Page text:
Remember a CTA in every post to the campaign page.

Remember to use the right short link for tracking.

16: Start sending newsletters to sign-ups

Talk about the good story about the company/project, use Q/As in newsletters and make it personal.

Talk about the company/project, small/big stories, the customers, the industry, the team, the story, the journey, the future, use-of-funds, give insights, etc.

Only 1 (max. 2) topic per newsletter – Receivers can’t remember or focus on many topics.

The idea is to build hype, expectations, and interest in the launch of the campaign.

If the sign-ups are looking forward to being able to invest, then you have done a good job.

An email sign-up is the best converting element – Never forget.

Newsletters and sign-ups should be treated with great respect.

Remember a CTA in every newsletter to either the campaign page or other company page.

Remember to use the right short link for tracking.

You should expect that some sign-ups will unsubscribe. This is normal, but be aware that the trend (of number of sign-ups) in general goes up.

17: Get some PR exposure

PR is interesting if it is free - as we suggest that you invest your time/money in push marketing, as the marketing attribution (return of ad spend) is much more tangible than a spread in a local newspaper.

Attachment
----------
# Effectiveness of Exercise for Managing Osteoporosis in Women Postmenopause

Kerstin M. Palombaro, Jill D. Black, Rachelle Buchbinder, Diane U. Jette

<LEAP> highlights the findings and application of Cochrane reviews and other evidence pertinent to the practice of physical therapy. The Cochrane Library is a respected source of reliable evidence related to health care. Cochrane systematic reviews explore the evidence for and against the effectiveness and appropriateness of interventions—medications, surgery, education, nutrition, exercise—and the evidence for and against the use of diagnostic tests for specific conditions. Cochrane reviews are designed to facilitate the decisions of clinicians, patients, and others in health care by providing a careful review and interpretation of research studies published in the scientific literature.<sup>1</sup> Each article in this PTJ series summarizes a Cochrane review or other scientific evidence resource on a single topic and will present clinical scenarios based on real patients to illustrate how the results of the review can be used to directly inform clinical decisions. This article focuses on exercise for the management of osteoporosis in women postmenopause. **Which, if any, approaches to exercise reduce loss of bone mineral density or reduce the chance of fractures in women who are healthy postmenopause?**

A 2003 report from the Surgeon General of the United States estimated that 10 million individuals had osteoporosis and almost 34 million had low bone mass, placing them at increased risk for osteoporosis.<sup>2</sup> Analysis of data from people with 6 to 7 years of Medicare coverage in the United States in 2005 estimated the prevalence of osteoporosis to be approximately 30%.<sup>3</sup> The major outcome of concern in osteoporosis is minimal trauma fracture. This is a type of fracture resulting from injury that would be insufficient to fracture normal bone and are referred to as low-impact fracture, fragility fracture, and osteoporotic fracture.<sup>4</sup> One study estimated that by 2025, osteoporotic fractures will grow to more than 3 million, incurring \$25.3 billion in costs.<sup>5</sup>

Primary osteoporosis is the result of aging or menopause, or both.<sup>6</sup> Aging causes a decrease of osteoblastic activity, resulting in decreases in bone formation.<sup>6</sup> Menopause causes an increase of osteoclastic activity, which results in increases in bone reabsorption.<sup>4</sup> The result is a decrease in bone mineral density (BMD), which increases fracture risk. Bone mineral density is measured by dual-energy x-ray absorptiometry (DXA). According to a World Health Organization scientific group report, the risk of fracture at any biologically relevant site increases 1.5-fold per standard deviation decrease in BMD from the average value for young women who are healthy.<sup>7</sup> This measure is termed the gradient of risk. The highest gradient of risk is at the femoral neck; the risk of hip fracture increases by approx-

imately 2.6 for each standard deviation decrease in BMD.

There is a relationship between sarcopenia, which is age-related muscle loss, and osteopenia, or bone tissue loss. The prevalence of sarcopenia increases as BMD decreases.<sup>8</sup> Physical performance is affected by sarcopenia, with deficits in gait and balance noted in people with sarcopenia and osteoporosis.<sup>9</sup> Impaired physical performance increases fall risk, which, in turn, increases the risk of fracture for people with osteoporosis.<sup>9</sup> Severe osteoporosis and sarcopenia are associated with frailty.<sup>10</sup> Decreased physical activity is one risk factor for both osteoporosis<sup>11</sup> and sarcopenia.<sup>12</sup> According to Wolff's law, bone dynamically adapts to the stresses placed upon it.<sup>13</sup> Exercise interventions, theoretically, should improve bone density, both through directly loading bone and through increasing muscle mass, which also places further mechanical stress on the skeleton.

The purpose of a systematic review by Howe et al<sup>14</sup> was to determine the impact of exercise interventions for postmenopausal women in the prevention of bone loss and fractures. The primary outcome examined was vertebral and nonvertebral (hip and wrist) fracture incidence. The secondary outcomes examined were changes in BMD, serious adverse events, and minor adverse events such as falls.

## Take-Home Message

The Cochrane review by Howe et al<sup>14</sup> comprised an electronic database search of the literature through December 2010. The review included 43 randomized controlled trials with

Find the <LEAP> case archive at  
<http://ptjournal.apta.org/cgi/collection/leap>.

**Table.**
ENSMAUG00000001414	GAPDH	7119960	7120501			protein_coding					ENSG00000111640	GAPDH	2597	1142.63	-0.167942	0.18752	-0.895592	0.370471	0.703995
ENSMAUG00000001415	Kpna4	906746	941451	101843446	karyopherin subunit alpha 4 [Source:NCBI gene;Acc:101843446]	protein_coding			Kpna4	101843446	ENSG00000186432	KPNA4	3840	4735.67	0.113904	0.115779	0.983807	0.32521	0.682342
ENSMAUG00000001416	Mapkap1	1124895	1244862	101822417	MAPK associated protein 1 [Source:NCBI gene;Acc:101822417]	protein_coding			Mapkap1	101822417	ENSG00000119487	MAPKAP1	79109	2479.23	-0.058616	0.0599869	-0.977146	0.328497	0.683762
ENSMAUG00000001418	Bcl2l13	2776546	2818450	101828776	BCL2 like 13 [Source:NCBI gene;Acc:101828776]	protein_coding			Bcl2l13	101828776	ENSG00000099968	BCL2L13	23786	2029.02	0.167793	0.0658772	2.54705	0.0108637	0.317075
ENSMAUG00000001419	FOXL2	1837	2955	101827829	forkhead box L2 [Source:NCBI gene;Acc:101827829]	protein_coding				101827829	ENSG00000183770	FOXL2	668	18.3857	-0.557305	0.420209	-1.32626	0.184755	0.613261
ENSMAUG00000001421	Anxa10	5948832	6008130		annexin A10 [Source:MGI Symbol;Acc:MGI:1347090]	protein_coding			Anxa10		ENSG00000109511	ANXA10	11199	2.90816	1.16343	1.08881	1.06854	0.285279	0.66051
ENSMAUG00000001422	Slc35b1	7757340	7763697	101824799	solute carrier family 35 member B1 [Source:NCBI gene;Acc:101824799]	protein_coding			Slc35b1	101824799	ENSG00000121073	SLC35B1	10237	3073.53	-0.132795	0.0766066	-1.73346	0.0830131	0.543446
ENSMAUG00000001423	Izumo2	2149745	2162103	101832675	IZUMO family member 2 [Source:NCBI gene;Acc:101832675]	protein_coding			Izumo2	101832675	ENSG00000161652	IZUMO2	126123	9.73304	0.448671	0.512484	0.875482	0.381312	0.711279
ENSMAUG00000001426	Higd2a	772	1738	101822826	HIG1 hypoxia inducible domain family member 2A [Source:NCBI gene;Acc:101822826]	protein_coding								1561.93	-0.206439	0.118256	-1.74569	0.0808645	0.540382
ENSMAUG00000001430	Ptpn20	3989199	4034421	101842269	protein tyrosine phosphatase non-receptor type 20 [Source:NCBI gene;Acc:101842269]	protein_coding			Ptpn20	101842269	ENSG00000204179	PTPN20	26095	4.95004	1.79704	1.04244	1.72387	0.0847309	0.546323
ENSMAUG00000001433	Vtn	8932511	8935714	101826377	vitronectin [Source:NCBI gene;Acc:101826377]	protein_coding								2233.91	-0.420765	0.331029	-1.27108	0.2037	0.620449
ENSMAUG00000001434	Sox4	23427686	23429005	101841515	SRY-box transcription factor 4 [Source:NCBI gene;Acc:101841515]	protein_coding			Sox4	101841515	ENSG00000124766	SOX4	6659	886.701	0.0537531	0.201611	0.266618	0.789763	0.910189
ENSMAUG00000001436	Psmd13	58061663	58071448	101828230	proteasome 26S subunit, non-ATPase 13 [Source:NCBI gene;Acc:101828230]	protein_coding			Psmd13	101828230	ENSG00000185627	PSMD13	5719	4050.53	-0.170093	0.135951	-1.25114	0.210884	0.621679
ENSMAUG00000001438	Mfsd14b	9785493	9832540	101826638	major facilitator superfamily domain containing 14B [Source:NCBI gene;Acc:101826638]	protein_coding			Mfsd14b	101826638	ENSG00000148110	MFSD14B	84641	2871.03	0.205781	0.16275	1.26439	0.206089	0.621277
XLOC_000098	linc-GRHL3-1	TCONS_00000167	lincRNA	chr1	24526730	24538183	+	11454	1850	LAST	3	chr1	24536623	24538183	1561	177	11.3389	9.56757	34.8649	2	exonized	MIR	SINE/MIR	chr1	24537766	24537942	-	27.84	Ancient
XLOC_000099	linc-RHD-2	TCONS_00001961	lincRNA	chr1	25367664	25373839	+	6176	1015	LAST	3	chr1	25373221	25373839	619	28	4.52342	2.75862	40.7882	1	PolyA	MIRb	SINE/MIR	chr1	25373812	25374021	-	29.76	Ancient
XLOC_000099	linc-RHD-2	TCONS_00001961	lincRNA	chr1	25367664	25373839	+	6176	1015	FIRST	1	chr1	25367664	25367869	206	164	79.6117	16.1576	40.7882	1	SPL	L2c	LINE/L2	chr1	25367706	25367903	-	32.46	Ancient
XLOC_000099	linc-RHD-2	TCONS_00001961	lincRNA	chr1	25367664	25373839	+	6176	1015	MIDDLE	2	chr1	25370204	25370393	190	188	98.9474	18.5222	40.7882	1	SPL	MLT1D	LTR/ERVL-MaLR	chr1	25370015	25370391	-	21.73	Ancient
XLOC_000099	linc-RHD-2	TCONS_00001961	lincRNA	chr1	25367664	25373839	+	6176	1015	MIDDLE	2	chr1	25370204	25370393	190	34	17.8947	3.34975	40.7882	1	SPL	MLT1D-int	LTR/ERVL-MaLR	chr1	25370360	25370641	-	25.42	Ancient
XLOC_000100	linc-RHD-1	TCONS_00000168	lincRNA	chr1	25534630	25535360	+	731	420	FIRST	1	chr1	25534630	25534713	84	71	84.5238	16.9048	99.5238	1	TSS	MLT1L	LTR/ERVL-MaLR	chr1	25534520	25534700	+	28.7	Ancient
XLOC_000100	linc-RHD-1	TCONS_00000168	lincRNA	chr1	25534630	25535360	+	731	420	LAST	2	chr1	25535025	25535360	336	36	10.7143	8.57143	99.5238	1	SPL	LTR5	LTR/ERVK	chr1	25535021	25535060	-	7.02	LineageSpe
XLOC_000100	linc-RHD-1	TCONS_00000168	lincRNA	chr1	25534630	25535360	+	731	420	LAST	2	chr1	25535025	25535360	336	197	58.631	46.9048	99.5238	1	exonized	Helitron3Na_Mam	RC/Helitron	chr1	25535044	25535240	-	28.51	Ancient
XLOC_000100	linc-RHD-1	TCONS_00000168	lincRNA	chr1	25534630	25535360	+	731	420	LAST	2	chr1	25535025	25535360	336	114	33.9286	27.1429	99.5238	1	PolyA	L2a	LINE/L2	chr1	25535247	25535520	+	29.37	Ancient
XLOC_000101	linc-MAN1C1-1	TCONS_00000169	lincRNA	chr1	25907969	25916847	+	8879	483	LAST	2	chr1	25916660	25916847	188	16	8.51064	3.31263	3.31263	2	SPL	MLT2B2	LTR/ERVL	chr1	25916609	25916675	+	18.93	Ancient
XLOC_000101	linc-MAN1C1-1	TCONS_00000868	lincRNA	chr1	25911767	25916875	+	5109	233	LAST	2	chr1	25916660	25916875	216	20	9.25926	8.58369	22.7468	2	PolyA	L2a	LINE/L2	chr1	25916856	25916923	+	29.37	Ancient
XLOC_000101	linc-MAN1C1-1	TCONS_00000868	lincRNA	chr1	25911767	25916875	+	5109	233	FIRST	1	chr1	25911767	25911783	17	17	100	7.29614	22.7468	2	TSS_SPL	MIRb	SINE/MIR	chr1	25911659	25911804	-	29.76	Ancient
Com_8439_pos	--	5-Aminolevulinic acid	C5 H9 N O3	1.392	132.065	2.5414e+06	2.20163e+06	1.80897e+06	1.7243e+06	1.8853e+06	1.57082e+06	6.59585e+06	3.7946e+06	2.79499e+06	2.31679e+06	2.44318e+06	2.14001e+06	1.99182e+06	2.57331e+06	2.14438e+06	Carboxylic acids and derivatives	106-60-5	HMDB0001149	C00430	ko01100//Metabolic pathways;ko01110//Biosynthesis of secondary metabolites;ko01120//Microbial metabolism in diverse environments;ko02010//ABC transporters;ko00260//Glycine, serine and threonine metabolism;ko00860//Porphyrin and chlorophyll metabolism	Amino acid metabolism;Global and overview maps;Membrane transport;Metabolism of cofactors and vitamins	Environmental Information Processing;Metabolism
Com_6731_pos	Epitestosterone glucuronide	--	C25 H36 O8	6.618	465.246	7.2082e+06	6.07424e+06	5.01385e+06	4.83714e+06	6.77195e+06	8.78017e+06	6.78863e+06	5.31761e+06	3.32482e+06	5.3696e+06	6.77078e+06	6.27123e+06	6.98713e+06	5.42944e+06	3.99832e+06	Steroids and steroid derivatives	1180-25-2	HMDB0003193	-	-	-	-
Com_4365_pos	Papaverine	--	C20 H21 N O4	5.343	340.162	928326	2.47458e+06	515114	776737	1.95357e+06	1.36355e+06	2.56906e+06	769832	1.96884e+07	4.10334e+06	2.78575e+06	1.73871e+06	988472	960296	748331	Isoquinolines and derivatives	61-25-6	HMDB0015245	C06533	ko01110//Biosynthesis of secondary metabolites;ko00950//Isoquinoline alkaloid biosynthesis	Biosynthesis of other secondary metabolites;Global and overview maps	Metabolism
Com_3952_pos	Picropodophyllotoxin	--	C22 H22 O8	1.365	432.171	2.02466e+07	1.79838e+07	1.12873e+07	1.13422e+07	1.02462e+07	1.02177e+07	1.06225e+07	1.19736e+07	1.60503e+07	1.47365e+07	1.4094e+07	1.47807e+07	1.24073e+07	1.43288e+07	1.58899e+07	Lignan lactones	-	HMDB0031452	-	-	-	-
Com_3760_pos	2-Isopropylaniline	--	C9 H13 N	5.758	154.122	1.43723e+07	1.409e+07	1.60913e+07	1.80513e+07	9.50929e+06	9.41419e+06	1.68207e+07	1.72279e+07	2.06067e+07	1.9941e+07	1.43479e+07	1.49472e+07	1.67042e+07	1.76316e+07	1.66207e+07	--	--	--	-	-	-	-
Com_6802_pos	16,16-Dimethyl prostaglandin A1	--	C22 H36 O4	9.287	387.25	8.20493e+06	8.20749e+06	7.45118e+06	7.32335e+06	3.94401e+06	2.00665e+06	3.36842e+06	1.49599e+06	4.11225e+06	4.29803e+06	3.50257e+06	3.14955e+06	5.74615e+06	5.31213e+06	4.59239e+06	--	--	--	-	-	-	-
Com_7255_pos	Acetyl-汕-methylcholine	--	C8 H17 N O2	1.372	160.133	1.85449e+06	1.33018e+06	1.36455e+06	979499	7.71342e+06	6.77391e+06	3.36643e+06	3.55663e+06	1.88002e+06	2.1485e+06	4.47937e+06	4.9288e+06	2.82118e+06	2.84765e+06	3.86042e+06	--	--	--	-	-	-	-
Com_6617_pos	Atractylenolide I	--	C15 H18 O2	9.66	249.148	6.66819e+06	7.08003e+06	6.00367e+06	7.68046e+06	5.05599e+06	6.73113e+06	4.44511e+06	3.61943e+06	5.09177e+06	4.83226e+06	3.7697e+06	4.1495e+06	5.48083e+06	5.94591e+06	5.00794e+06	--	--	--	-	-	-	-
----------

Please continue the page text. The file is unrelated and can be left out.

But of course, you should do what you can to get some PR attention as it will always provide authenticity to you and your business/campaign.

18: Webinars

Webinars are a highly effective and useful communication and interaction tool, and a way of being more personal.

You can speak directly to many in one session and participants can ask questions directly.

In the agenda for the webinar, you could/should list some of the most relevant/obvious questions and/or answer some of the comments from SoMe posts.

Be honest, personal and polite. 

If possible, it can also be a good idea to invite a customer/partner/sub supplier to a webinar to build trust.

Promote the webinar via the newsletters and SoMe posts.

You can also promote the webinar via paid ads to the segments/audiences which performs good.

Demio is a recommended tool.

19: Analyze the data

At least a few times a week it is relevant to look at the data from the different activities and optimize where needed.

Example on things to look for in terms of newsletters:

  • Open and click rates (Typ. in email marketing program)
  • Session-time and behaviour (Typ. in Google Analytics when filtering on UTM-codes. Find them from point 11)

Example on things for look for in terms of SoMe posts and paid ads:

  • CPC, CR, CPL/sign-up, etc.